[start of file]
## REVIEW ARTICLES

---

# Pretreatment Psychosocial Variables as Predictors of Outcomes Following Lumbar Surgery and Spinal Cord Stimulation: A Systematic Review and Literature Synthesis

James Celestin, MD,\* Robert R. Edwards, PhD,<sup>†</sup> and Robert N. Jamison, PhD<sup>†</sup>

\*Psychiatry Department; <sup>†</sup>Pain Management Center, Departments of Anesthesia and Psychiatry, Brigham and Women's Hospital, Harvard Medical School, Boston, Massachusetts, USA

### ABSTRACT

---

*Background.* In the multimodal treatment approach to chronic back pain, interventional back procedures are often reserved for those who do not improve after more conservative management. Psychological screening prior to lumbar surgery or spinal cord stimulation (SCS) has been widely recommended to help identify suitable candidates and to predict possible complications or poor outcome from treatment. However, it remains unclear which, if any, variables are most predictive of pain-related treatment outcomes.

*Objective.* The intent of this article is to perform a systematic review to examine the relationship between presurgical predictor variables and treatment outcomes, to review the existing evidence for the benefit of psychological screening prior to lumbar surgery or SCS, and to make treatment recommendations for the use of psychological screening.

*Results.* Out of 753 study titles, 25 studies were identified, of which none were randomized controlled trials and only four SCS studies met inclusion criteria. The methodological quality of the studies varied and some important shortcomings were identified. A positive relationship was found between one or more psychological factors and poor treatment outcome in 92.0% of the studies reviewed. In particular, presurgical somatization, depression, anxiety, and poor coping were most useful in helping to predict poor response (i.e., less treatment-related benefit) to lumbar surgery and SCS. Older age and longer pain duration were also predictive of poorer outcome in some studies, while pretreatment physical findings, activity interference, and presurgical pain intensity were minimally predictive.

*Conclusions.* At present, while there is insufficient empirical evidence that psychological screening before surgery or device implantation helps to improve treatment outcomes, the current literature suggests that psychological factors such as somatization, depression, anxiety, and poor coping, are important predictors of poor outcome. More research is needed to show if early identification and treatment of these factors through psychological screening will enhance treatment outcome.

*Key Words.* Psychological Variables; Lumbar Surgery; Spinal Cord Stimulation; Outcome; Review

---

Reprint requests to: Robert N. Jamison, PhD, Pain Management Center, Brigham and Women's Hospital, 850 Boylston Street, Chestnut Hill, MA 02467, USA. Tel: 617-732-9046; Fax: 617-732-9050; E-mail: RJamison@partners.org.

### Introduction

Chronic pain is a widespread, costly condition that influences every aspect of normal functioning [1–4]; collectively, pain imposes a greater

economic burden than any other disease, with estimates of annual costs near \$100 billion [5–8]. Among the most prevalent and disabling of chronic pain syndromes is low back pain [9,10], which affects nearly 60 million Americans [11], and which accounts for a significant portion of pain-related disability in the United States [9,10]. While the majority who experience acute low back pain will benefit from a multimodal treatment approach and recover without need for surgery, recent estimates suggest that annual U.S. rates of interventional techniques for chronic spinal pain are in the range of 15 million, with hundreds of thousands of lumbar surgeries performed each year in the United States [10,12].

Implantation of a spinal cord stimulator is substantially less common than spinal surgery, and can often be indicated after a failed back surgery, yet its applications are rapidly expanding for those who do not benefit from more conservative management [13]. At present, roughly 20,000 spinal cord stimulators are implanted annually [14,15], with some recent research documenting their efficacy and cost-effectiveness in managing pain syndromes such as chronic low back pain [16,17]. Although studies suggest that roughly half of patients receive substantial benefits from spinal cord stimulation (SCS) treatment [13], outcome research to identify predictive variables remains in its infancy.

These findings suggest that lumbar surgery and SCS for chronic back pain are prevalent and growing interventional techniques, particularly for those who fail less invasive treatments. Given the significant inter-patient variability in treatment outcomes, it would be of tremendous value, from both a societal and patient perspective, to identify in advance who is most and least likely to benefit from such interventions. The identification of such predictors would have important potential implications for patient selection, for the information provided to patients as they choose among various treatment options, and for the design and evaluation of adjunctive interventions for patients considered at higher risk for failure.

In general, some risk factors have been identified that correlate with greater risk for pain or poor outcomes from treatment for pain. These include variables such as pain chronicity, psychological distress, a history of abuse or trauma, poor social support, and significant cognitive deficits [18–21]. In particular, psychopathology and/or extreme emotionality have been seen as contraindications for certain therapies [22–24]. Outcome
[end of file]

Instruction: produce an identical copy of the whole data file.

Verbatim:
## REVIEW ARTICLES

---

# Pretreatment Psychosocial Variables as Predictors of Outcomes Following Lumbar Surgery and Spinal Cord Stimulation: A Systematic Review and Literature Synthesis

James Celestin, MD,\* Robert R. Edwards, PhD,<sup>†</sup> and Robert N. Jamison, PhD<sup>†</sup>

\*Psychiatry Department; <sup>†</sup>Pain Management Center, Departments of Anesthesia and Psychiatry, Brigham and Women's Hospital, Harvard Medical School, Boston, Massachusetts, USA

### ABSTRACT

---

*Background.* In the multimodal treatment approach to chronic back pain, interventional back procedures are often reserved for those who do not improve after more conservative management. Psychological screening prior to lumbar surgery or spinal cord stimulation (SCS) has been widely recommended to help identify suitable candidates and to predict possible complications or poor outcome from treatment. However, it remains unclear which, if any, variables are most predictive of pain-related treatment outcomes.

*Objective.* The intent of this article is to perform a systematic review to examine the relationship between presurgical predictor variables and treatment outcomes, to review the existing evidence for the benefit of psychological screening prior to lumbar surgery or SCS, and to make treatment recommendations for the use of psychological screening.

*Results.* Out of 753 study titles, 25 studies were identified, of which none were randomized controlled trials and only four SCS studies met inclusion criteria. The methodological quality of the studies varied and some important shortcomings were identified. A positive relationship was found between one or more psychological factors and poor treatment outcome in 92.0% of the studies reviewed. In particular, presurgical somatization, depression, anxiety, and poor coping were most useful in helping to predict poor response (i.e., less treatment-related benefit) to lumbar surgery and SCS. Older age and longer pain duration were also predictive of poorer outcome in some studies, while pretreatment physical findings, activity interference, and presurgical pain intensity were minimally predictive.

*Conclusions.* At present, while there is insufficient empirical evidence that psychological screening before surgery or device implantation helps to improve treatment outcomes, the current literature suggests that psychological factors such as somatization, depression, anxiety, and poor coping, are important predictors of poor outcome. More research is needed to show if early identification and treatment of these factors through psychological screening will enhance treatment outcome.

*Key Words.* Psychological Variables; Lumbar Surgery; Spinal Cord Stimulation; Outcome; Review

---

Reprint requests to: Robert N. Jamison, PhD, Pain Management Center, Brigham and Women's Hospital, 850 Boylston Street, Chestnut Hill, MA 02467, USA. Tel: 617-732-9046; Fax: 617-732-9050; E-mail: RJamison@partners.org.

### Introduction

Chronic pain is a widespread, costly condition that influences every aspect of normal functioning [1–4]; collectively, pain imposes a greater

economic burden than any other disease, with estimates of annual costs near \$100 billion [5–8]. Among the most prevalent and disabling of chronic pain syndromes is low back pain [9,10], which affects nearly 60 million Americans [11], and which accounts for a significant portion of pain-related disability in the United States [9,10]. While the majority who experience acute low back pain will benefit from a multimodal treatment approach and recover without need for surgery, recent estimates suggest that annual U.S. rates of interventional techniques for chronic spinal pain are in the range of 15 million, with hundreds of thousands of lumbar surgeries performed each year in the United States [10,12].

Implantation of a spinal cord stimulator is substantially less common than spinal surgery, and can often be indicated after a failed back surgery, yet its applications are rapidly expanding for those who do not benefit from more conservative management [13]. At present, roughly 20,000 spinal cord stimulators are implanted annually [14,15], with some recent research documenting their efficacy and cost-effectiveness in managing pain syndromes such as chronic low back pain [16,17]. Although studies suggest that roughly half of patients receive substantial benefits from spinal cord stimulation (SCS) treatment [13], outcome research to identify predictive variables remains in its infancy.

These findings suggest that lumbar surgery and SCS for chronic back pain are prevalent and growing interventional techniques, particularly for those who fail less invasive treatments. Given the significant inter-patient variability in treatment outcomes, it would be of tremendous value, from both a societal and patient perspective, to identify in advance who is most and least likely to benefit from such interventions. The identification of such predictors would have important potential implications for patient selection, for the information provided to patients as they choose among various treatment options, and for the design and evaluation of adjunctive interventions for patients considered at higher risk for failure.

In general, some risk factors have been identified that correlate with greater risk for pain or poor outcomes from treatment for pain. These include variables such as pain chronicity, psychological distress, a history of abuse or trauma, poor social support, and significant cognitive deficits [18–21]. In particular, psychopathology and/or extreme emotionality have been seen as contraindications for certain therapies [22–24]. Outcome